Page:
Setting firm ground at Kioko Gallery Nairobi, is Matt Kayem’s outstanding Art display. The exhibition which kicked off on October 19, and is to continue till December 8 is one cautioning, and yet advocating for the reflection onto African roots. Dubbed Cool Afrika Volume 2, the exhibition is an exploration of Pan Africanism, Afrocentrism, the African Renaissance and Black Consciousness as lived through pop culture.
It portrays the aspect of being hip or trendy, and in pop culture often centrered around trends from the African-American community. It further gives an alternative view on Africa, positioning it as a desirable place, as a rich continent and as a paradise. The fact that African-American culture has influenced a large portion of this work cant be ruled out, and that Barkeley L. Hendricks has not only enthused a painting but a whole ideology. Its in this belief that pop culture today, with all it’s pomp and glory in the U.S owes a big debt to Africa’s fore brothers and sisters who have been at the forefront of influencing and shaping it. Cool as an aesthetic is entrenched in our cultures, from the fashion, to ways of walking, talking, you name it. The continent has been a victim of negatively framed representations and my work aims to combat this. Through his works, history and heritage are major banks of inspiration.
The Artist takes one into ponder on how African tradition has been stained by mordernity, that other people have gone to unbelievable lengths to detach Africans from it. The ancient Egyptians were clearly black people yet so many of us grow up thinking that they were of the fairer skin. The Inferiority Complex is one of the gravest of diseases facing those around me. We are made to demonise ourselves, right from our bodies to the food we eat. The Artist ponders on how tradition has been stained by modernity, with for instance how people today fear bark cloth -yet it was a garment our ancestors put on. A call for the decolonizing of the mind. Africa today is the youngest continent so the Artists sets out to create a language young people can relate to.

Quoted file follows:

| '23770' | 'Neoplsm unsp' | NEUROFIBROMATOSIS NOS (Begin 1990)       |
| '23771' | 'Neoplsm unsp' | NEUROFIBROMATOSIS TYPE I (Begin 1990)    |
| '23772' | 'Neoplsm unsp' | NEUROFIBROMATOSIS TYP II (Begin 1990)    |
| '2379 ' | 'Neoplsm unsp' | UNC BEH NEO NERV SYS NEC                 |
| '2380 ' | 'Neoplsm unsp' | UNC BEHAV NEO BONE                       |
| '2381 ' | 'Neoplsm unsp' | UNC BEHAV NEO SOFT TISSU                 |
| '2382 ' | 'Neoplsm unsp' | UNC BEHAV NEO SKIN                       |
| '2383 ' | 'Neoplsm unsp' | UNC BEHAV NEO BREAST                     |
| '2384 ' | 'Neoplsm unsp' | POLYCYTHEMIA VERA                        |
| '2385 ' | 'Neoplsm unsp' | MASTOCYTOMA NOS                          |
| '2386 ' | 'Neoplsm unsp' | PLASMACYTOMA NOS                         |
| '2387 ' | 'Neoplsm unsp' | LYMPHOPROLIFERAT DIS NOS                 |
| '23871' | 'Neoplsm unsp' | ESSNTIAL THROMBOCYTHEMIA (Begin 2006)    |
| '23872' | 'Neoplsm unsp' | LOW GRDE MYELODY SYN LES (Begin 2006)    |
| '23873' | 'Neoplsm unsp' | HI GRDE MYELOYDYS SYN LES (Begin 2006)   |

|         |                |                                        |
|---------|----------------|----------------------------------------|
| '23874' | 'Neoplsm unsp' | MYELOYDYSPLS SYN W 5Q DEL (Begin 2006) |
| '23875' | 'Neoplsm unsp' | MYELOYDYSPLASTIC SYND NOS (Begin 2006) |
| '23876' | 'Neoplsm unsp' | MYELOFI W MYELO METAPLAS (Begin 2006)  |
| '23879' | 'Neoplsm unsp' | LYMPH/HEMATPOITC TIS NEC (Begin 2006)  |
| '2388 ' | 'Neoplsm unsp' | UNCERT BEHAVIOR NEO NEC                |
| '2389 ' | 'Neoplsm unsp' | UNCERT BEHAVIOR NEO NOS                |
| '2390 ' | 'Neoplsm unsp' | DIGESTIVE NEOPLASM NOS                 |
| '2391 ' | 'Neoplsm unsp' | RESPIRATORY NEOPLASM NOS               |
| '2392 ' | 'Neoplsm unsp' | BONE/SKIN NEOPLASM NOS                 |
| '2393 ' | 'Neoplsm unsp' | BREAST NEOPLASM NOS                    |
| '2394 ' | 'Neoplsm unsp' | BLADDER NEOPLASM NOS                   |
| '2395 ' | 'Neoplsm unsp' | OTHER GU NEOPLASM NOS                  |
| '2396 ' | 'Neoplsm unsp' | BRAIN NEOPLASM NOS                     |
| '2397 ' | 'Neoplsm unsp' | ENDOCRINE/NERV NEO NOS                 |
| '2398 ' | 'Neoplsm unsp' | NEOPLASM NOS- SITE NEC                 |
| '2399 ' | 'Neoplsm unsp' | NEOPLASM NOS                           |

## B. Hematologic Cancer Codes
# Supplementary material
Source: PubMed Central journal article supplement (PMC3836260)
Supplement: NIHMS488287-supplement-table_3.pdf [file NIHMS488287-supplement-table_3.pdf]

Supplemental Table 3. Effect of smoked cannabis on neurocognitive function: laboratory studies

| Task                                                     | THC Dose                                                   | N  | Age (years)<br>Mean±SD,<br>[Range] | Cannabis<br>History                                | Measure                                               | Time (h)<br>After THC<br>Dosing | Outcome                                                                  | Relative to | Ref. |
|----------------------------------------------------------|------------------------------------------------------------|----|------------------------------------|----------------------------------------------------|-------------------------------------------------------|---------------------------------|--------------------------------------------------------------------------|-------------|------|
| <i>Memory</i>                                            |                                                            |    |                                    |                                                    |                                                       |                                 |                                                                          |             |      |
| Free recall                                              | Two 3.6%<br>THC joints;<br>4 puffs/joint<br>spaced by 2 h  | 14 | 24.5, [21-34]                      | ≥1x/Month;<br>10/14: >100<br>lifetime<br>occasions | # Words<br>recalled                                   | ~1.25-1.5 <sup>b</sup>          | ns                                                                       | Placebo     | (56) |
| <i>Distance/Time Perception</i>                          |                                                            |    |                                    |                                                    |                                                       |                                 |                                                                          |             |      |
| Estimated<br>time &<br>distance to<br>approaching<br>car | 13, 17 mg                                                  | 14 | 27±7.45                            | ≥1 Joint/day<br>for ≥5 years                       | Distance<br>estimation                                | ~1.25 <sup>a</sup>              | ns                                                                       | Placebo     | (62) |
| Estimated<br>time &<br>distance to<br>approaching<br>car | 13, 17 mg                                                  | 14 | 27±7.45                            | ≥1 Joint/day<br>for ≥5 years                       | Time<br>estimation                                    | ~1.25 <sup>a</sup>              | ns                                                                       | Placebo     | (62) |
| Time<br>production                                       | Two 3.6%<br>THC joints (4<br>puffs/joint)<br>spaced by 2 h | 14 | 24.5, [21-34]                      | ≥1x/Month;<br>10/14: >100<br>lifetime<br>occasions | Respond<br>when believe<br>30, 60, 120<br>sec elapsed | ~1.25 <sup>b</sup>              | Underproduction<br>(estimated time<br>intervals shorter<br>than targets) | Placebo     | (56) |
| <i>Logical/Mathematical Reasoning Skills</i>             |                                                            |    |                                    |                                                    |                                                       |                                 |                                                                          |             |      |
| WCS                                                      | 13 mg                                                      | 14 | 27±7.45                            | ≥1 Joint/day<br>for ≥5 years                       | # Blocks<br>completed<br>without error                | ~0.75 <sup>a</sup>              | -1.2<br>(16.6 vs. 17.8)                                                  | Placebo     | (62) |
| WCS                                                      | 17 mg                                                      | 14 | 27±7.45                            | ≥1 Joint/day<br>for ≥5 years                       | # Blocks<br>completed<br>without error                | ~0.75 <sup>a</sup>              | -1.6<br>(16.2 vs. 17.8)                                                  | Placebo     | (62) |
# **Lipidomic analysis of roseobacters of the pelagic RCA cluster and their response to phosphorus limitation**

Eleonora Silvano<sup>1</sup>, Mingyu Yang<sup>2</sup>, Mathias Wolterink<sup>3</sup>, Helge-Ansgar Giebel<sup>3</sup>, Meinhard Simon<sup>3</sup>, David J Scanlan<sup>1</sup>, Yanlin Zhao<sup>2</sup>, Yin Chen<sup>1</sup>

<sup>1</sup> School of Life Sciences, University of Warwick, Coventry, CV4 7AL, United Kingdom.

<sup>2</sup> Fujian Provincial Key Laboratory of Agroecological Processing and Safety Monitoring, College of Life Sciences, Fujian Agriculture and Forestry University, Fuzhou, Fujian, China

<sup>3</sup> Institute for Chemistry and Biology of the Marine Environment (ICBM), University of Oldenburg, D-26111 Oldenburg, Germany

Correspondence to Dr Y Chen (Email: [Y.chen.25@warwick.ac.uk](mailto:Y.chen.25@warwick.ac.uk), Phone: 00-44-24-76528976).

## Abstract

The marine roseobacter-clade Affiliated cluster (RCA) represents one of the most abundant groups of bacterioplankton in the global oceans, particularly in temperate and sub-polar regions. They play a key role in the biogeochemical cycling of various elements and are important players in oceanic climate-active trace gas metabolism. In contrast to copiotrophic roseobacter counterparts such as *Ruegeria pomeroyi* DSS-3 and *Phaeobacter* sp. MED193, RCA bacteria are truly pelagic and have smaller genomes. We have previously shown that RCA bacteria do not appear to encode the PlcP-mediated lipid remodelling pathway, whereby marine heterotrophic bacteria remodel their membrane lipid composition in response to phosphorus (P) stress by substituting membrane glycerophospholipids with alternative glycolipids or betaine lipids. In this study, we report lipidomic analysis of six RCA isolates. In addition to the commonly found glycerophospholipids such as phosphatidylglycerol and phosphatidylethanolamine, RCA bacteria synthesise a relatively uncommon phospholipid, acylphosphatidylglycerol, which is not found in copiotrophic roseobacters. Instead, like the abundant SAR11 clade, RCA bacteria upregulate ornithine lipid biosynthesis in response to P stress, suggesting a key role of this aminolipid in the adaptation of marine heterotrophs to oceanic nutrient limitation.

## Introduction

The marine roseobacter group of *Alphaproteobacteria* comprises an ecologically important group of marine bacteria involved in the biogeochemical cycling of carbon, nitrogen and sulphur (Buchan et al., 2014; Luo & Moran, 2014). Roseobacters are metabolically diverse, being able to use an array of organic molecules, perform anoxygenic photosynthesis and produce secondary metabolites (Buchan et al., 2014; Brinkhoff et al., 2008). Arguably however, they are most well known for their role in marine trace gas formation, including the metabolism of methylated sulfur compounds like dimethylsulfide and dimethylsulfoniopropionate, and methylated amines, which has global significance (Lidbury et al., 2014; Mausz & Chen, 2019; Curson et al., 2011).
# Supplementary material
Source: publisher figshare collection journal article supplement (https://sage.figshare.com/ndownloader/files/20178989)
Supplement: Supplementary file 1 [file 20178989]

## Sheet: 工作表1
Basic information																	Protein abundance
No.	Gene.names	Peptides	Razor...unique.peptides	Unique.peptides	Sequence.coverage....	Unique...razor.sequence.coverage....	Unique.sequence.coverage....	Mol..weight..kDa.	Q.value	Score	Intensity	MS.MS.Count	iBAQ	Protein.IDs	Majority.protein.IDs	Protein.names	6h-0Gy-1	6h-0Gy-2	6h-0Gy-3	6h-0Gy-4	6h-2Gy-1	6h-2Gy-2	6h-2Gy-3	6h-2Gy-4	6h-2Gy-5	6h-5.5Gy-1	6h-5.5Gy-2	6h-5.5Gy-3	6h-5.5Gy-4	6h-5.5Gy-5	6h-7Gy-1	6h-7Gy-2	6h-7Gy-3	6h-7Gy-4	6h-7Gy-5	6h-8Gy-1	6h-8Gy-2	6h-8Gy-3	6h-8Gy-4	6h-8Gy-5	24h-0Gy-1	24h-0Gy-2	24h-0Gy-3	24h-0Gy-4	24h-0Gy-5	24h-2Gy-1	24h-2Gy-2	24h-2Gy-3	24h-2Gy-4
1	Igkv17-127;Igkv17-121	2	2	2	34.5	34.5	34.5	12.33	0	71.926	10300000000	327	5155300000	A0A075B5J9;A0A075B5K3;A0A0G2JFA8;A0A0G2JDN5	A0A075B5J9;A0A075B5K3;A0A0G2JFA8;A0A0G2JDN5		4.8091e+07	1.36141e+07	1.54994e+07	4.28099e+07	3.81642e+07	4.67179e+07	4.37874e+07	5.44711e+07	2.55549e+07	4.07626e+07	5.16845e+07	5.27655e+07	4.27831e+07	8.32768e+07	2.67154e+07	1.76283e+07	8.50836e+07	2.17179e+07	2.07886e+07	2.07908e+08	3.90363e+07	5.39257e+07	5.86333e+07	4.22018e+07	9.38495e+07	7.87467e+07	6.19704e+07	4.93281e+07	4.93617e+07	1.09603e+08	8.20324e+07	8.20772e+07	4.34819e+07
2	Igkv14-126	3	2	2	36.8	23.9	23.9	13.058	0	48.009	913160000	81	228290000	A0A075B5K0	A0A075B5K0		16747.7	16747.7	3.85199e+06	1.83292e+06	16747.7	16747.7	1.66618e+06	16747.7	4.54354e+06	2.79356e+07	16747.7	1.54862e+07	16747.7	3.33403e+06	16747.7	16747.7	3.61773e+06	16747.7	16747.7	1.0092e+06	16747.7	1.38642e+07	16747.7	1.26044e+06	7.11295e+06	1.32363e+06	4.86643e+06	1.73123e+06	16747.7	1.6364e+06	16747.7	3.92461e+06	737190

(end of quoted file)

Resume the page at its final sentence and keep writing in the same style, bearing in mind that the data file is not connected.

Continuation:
The Artist merges pop culture with the seemingly tired academic and sometimes inaccessible themes of Kwame Nkrumah, Steve Biko and Cheikh Anta Diop, alongside cautioning colonialism. It further explores the power in numbers and the procreation of a species ensures it’s strength and survival. The black body has the tools to generate the numbers in abundance. But the same body instead has been subject to Western ridicule and shaming!